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Balance of payments
Balance of payments
Balance of payments
Balance of payments
Balance of payments
Balance of payments
Balance of payments
Balance of payments
Balance of payments
Balance of payments
Balance of payments
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Balance of payments

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  • 1. BALANCE OF PAYMENTS
  • 2. MEANING Balance of Payments (BoP) is an accounting system that records the economic transactions between the residents and Government of a particular country with the rest of the world.  Economic transactions includes imports and exports of goods and services, capital inflows and outflows, gifts and other transfer payments and changes in a country’s international reserves.  BoP is important to investors, MNCs , business managers, consumers and Govt. officials as it affects the value of currency and also influences macro economic variables like GNP, interest rates, exchange rate, price level etc.., 
  • 3. HOW IS BOP PREPARED? The Reserve Bank of India (RBI) is responsible for compiling the balance of payments for India.  In accordance with the Foreign Exchange Management Act (FEMA) of 1999, all foreign exchange transactions must be channeled through the banking system which must submit various periodical returns and supporting documents  Transactions that are not routed through banking channels, information is obtained directly from the relevant government agencies, concerned agencies, and departments within the RBI.  The information is also supplemented by data collected through various surveys conducted by the RBI. Data are prepared on a quarterly basis and are published in the Reserve Bank of India Bulletin. 
  • 4. BOP STATEMENT  Balance of payment (BoP) comprises of current account, capital account, errors and omissions and changes in foreign exchange reserves.
  • 5.    The Current Account This account is typically divided into 3 categories namely merchandise trade balance, services balance and balance on unilateral transfers. The Capital Account This account is sub categorized into direct investment, portfolio investment and other capital flows. Official Reserves Account These are Government owned assets. It represents purchases and sales by RBI. It is necessary to account for deficit or surplus in BoP.
  • 6. STATISTICS OF BOP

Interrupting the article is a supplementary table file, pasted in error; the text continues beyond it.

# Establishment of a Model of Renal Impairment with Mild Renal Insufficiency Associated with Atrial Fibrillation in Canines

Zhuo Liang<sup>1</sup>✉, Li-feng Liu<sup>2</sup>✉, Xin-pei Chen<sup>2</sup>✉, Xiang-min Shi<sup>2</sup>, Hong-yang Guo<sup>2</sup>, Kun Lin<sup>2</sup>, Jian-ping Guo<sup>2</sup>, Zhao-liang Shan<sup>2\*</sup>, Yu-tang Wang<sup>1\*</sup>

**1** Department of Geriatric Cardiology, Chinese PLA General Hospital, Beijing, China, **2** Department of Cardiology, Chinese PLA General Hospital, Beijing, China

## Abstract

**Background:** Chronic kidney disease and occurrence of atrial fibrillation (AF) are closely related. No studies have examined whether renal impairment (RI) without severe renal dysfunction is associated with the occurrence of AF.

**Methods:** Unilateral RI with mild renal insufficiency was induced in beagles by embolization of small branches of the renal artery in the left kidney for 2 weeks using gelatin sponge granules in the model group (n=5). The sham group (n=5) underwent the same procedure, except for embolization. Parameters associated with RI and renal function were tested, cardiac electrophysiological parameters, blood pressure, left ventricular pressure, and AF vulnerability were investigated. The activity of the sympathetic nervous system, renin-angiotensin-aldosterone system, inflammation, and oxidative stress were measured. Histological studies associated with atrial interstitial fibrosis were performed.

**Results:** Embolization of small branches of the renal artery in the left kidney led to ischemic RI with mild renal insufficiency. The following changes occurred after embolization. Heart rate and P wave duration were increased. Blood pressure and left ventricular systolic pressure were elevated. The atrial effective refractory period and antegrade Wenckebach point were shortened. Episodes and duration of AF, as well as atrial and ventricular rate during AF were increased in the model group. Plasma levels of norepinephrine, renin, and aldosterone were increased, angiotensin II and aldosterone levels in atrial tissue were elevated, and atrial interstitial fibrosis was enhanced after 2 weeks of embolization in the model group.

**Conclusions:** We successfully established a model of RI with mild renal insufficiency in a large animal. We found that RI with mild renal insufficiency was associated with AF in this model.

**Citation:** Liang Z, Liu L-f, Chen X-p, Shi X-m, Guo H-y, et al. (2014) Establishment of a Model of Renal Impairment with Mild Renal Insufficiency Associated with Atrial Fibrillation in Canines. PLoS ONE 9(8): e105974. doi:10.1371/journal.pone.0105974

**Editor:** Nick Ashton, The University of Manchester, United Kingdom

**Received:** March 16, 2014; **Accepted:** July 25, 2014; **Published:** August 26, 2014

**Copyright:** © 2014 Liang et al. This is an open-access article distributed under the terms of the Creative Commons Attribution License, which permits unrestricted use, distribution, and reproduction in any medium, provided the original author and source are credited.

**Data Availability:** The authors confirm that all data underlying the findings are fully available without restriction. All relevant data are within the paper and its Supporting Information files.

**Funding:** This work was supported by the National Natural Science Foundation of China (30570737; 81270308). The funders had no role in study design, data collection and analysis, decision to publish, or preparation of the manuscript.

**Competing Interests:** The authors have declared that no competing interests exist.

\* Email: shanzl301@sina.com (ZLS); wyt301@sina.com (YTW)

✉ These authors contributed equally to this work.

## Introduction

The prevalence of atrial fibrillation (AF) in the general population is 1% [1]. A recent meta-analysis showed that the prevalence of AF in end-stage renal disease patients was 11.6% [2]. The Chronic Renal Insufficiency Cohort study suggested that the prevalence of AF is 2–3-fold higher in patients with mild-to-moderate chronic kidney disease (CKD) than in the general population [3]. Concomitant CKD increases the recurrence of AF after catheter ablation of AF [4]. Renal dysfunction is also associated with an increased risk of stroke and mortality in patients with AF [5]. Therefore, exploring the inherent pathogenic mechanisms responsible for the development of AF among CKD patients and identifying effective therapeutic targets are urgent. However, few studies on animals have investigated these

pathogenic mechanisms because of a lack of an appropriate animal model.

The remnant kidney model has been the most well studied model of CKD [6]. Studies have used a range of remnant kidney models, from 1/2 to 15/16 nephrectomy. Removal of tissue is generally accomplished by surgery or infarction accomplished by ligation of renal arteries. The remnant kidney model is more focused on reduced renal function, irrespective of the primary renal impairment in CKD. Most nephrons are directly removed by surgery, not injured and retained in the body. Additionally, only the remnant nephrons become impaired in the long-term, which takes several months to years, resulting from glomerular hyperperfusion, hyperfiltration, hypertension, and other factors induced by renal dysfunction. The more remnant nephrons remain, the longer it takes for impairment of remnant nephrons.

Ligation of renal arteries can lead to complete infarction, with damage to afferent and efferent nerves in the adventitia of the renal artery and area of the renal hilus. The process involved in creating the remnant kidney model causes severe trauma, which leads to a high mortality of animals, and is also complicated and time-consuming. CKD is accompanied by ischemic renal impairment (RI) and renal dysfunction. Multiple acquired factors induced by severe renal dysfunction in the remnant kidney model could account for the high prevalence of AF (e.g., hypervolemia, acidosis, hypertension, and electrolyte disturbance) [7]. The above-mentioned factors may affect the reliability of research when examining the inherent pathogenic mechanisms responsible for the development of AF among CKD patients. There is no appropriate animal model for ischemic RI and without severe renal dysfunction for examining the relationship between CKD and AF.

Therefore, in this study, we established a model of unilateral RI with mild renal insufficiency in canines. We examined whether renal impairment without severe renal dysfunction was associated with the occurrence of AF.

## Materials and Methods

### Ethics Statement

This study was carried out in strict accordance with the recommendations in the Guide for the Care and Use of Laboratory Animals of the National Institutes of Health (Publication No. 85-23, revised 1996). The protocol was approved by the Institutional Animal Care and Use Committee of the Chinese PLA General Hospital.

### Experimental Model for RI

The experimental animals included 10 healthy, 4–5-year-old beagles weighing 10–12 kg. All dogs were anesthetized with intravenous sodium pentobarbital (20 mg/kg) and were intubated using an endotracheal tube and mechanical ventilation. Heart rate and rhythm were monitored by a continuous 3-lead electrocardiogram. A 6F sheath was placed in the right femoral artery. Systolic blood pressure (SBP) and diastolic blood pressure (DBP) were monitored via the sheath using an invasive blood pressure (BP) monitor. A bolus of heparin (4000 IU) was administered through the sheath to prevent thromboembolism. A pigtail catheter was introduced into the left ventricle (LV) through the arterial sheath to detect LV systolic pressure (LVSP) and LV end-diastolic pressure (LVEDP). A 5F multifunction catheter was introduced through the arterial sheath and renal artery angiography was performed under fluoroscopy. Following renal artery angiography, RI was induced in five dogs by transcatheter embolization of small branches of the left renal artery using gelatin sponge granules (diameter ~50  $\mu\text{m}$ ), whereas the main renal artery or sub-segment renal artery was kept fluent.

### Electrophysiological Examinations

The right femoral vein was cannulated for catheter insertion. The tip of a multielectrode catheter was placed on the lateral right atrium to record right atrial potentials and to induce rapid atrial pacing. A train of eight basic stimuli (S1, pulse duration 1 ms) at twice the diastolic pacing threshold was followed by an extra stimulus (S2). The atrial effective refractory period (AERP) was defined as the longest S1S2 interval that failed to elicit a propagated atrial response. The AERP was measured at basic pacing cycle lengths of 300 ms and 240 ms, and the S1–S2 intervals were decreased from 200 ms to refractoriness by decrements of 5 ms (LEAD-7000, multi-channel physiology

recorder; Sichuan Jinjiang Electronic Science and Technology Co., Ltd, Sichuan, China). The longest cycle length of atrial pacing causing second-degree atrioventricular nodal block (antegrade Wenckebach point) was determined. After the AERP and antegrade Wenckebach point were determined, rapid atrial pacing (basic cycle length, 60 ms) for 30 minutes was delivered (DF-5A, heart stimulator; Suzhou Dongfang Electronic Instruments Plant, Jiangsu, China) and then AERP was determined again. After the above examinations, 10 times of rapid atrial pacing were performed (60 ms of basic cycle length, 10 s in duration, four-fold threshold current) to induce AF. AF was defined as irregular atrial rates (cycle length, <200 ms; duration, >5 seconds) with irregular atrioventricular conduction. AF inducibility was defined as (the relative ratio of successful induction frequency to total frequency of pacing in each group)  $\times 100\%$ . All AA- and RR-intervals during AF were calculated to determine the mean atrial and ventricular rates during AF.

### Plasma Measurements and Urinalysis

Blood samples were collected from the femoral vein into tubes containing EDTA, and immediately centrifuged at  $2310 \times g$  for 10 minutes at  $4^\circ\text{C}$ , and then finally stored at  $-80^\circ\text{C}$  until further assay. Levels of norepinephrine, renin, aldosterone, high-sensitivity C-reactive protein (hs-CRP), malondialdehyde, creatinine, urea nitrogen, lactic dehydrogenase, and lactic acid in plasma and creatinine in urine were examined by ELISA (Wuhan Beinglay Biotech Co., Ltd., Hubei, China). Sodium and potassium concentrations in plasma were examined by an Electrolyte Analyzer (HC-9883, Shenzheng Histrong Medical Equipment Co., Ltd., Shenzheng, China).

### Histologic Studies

• 7. The current account registered an improvement in the first quarter (April-June) of FY13 over Q1 FY12, with current account deficit (CAD) declining to US$ 16.4 billion, from US$ 17.4 billion. This reduction in deficit has been supported by a sharper decline in imports as compared with exports.  However, as a proportion of GDP, CAD rose to 3.9% in Q1 FY13 when compared with 3.8% in Q1 FY12. This may be attributed to the fall in GDP growth and the depreciation of the rupee depreciation by about 17% against the dollar during this quarter. 
  • 8. HIGHLIGHTS ‡ ‡ ‡ ‡ ‡ Goods exports recorded a decline of 2.6% while imports registered a sharper decline of 3.6% Trade deficit amounted to US$ 42.5 billion, i.e. 10.0% of GDP (as against 9.8% in Q1 FY12) Net exports of services declined 13.0% during Q1 FY13 over Q1 FY12 on account of lower growth in receipts in transportation, travel, construction, insurance & pension services and other business services sectors. Net inflows under capital witnessed a decline, primarily on account of moderation in foreign direct investment (FDI) inflows and loans by banks and non-banks Net secondary income (private transfers/remittances) receipts remained buoyant at US$ 16.8 billion, benefitted by the depreciating rupee;
  • 9. INDIA’S POSITION OF BOP With only enough cash in the RBI to pay for seven months of imports and weak fund inflows, the balance of payments position is undermining its ability to defend a tumbling rupee.  India has $280 billion of foreign exchange reserves, by far the lowest of the BRICs, the four major emerging market economies.  By the end of this fiscal year, India needs to repay $172 billion of liabilities such as foreign borrowings, trade credit, and private debts which is almost 45% of its overall external borrowings and equivalent to 59% of its reserves. 
  • 10. CHALLENGES & MEASURES  The room to increase exports in the short run is limited, as they are dependent upon the recovery and growth of partner countries, especially in industrial economies.  The main focus has to be on curbing imports, mainly by making oil prices more market determined, and curbing imports of gold.  At the same time, further measures to ease the inflow of remittances and steps to diversify software exports could help reduce financing needs.  Greater emphasis on FDI & FII, including opening up sectors further can help increase the quantum of safe financing.  Finally, external commercial borrowing needs to be monitored carefully
  • 11. THANK YOU

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